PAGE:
10/07/2021 Marketing Cattle in the Fall #440

This is the time of year when many North Dakota beef producers are marketing both weaned calves and aged cows. Lisa Pederson, NDSU Extension beef quality assurance specialist, joins Sound Ag Advice to discuss the differences in marketing these two products.

Speaker 1: Kelli Anderson, NDSU Ag Communication Specialist
Speaker 2: Lisa Pederson, NDSU Extension Beef Quality Assurance Specialist

Kelli: This is Sound Ag Advice, a weekly feature presented by NDSU Extension. I'm Kelli Anderson and I'm joined this week by Lisa Pederson, NDSU Extension beef quality assurance specialist. Now this is the time of year that North Dakota beef producers might be taking some of their older cows or bulls to their local livestock auction. So Lisa, can you tell us what are some things to remember as we talk about taking these animals to market?

Lisa: Yes, Kelli we are in the time of year where many spring calving herds across the United States are marketing cows that are leaving their herd and you know, often leaving because they're, as we say, the three O's: old, open and ornery or for other reasons. And so, as you are preparing to market your cows and bulls into the food chain, I'd like you to remember to follow their withdrawal times. And so perhaps you poured those cows with some type of a lice preventative product and maybe you've injected them with an antibiotic to treat them for something, be sure that you have met their withdrawal times for those products.

Next, I'd like you to remember that we would like to have our market cows and bulls in a beef body condition score of three or better, we want to make sure that those cows and bulls are in a condition in which they can make a trip to one of our packing plants. And typically, these packing plants are a lot further than you think in the country, well over 100 miles oftentimes, and then make sure that those cows and bulls can stand soundly on all four legs to make that trip. We know that when lame cattle oftentimes have troubles making those trips and they become non-ambulatory cattle and trucks and impacting plants along within auction markets as well.

Kelli: When you talk about producers taking their animals to market, what is the difference in the marketing chain in young calves versus older cows and bulls?

Lisa: That's a very good question, Kelli. And oftentimes, this time of year, our producers are also marketing their calves at the same auction markets. And so you know, you think about that the calf leaves your farm or ranch goes to the auction market, and may move into a background feed yard, into a stocker operation for grass or perhaps wheat pasture, and then into a feed yard to be finished and then into the packing plant. Whereas our market cows and bulls will leave your farm or ranch and oftentimes go to an auction market. And then generally probably 90 plus % of the time, they will be at the packing plant within two or three days, and then onto somebody's plate for a meal time, shortly after that. And so it is a much shorter marketing chain for our market cows and bulls. Again, I'd like to remind producers this is one of the reasons why we need to adhere to following withdrawal times for the safety and quality of our food supply. But also market those cows and bulls in a body condition score greater than three, and be sure that they can soundly put weight on all four legs.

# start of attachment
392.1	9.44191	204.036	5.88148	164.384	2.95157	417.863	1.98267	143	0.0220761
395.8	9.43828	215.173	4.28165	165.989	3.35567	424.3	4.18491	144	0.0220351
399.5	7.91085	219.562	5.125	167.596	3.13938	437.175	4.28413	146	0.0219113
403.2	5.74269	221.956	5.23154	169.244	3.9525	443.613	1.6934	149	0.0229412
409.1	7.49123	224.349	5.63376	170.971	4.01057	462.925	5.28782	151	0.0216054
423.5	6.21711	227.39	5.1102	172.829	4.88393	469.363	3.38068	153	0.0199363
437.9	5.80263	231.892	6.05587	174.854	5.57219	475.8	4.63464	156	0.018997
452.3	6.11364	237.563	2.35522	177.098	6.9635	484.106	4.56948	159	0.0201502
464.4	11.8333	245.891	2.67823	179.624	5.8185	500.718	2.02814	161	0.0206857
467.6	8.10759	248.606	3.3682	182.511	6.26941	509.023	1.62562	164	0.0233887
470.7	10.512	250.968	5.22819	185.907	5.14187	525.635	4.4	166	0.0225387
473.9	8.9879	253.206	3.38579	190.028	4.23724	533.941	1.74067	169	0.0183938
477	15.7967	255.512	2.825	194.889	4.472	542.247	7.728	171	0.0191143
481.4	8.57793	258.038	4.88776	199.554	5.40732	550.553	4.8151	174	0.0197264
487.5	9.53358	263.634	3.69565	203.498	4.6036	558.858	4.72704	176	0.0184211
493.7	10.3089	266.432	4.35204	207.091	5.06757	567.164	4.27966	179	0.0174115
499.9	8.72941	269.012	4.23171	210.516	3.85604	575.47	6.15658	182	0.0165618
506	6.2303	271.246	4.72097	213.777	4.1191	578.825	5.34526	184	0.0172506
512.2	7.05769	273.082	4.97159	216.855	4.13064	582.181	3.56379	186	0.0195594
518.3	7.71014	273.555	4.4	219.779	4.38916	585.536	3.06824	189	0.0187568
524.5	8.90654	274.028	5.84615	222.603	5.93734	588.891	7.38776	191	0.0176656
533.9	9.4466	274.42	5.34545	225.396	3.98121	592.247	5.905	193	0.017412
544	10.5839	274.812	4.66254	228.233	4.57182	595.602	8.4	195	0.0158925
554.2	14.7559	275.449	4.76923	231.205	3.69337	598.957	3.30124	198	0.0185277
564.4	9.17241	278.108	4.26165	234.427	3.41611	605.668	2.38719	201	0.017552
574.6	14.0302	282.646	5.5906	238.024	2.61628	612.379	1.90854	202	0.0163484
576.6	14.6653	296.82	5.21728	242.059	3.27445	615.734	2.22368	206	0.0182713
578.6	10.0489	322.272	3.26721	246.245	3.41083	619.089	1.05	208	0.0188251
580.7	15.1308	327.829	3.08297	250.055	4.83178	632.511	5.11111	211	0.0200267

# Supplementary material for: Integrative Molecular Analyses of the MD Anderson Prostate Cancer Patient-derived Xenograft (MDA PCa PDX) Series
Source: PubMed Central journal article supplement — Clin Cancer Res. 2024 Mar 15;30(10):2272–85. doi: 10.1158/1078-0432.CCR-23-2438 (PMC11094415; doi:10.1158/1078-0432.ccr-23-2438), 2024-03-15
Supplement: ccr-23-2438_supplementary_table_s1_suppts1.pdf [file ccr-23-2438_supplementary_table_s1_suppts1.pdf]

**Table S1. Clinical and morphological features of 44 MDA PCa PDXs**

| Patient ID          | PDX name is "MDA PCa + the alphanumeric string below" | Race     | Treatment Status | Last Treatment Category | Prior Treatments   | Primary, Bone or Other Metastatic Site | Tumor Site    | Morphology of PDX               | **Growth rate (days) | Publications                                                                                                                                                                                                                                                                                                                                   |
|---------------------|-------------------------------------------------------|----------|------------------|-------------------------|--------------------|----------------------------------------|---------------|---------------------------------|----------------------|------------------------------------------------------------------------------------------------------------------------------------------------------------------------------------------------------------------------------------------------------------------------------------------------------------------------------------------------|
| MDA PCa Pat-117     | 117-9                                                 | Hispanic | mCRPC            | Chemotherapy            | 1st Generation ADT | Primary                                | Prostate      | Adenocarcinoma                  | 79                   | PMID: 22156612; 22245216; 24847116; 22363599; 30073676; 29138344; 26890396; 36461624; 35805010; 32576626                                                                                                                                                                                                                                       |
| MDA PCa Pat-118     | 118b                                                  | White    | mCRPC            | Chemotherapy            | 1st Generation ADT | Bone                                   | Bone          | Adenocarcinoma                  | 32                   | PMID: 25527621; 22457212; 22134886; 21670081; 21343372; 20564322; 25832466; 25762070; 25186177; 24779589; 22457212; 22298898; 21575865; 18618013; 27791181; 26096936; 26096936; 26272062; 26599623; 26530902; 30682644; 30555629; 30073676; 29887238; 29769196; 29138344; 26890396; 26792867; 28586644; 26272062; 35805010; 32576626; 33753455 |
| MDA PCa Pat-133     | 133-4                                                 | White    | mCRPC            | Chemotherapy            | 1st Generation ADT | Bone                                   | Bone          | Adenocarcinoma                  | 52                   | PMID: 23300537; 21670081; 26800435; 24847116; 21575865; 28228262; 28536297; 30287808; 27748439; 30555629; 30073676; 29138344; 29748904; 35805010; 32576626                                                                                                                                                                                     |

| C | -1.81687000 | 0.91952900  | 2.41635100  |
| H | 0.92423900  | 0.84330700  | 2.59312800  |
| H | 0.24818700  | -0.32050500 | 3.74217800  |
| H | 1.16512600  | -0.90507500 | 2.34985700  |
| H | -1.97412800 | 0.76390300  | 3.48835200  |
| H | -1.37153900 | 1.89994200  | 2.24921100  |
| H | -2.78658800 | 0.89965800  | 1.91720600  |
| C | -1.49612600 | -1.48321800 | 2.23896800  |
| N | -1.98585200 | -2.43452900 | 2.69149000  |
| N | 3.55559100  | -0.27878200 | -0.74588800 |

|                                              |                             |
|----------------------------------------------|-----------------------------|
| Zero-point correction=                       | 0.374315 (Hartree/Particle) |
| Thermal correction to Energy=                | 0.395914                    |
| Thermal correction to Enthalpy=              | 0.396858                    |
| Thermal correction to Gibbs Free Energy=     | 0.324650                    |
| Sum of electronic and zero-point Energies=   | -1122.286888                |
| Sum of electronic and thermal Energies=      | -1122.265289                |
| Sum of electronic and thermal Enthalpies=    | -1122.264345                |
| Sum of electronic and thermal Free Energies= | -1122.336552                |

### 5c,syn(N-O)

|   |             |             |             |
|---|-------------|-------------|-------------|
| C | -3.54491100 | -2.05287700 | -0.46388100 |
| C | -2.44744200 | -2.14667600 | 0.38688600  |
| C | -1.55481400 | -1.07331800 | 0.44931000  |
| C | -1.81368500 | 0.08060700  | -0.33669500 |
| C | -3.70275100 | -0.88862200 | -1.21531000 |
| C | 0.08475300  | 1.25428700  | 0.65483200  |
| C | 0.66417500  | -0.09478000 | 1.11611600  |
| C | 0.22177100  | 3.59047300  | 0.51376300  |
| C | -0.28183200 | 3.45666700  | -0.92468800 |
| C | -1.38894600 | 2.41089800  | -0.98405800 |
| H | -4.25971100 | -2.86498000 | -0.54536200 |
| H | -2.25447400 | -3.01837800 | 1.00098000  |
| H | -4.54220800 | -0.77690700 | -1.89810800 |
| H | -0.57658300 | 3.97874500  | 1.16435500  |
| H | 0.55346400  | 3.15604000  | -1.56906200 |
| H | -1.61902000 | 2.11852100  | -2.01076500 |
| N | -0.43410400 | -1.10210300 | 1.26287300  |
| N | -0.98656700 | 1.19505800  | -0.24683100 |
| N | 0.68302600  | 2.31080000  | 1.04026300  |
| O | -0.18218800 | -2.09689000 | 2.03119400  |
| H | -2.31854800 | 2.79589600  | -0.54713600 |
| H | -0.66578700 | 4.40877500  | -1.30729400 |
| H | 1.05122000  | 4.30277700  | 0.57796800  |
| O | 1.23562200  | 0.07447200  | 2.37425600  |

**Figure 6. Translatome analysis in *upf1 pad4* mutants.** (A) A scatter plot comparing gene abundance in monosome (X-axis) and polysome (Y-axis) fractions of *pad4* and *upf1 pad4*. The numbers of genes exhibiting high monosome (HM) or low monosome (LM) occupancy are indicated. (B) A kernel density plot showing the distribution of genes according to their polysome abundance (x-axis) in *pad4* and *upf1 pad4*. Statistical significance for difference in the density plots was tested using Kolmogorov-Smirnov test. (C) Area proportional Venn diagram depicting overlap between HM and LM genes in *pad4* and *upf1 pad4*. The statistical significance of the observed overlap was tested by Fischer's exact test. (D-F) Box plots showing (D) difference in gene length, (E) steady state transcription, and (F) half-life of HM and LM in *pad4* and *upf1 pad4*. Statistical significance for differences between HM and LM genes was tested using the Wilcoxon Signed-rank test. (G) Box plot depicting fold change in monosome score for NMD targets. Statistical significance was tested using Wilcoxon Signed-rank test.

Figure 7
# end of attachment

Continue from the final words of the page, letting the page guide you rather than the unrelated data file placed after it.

Kelli: Any final thoughts for our North Dakota beef producers?

Lisa: You know, I would really encourage producers to think about these cows as being a food product. Yeah, I think oftentimes, we think they're either hamburger or dog food, and then all reality, a vast majority of the time, meat from cows and bulls goes into our whole muscle chain. And so they're being served as roast at quick service establishments, oftentimes steaks and casinos and cruise ships and, you know, even sometimes exported into the export market. I encourage producers to think about cleaning them up a little bit. And think of them as you're trading them in for a new model. And so our producers would always clean up a pickup or a tractor and make it look it's very shiny best so that they can get more value for that pickup or tractor before they would sell it or trade it in. And I'd encourage you to think about that with your market cows and bulls. Think of them as something that truly has value and represents your operation. I always tell them if you wouldn't want to eat it, then why should you expect somebody else to do so. And so again, clean those cows and bulls up and make sure that they provide a good wholesome, high-quality product for our consumers.

Kelli: Great things to think about for our beef producers from Lisa Pederson, our NDSU Extension beef quality assurance specialist. We thank her for her time today. This has been Sound Ag Advice, a weekly feature presented by NDSU Extension.

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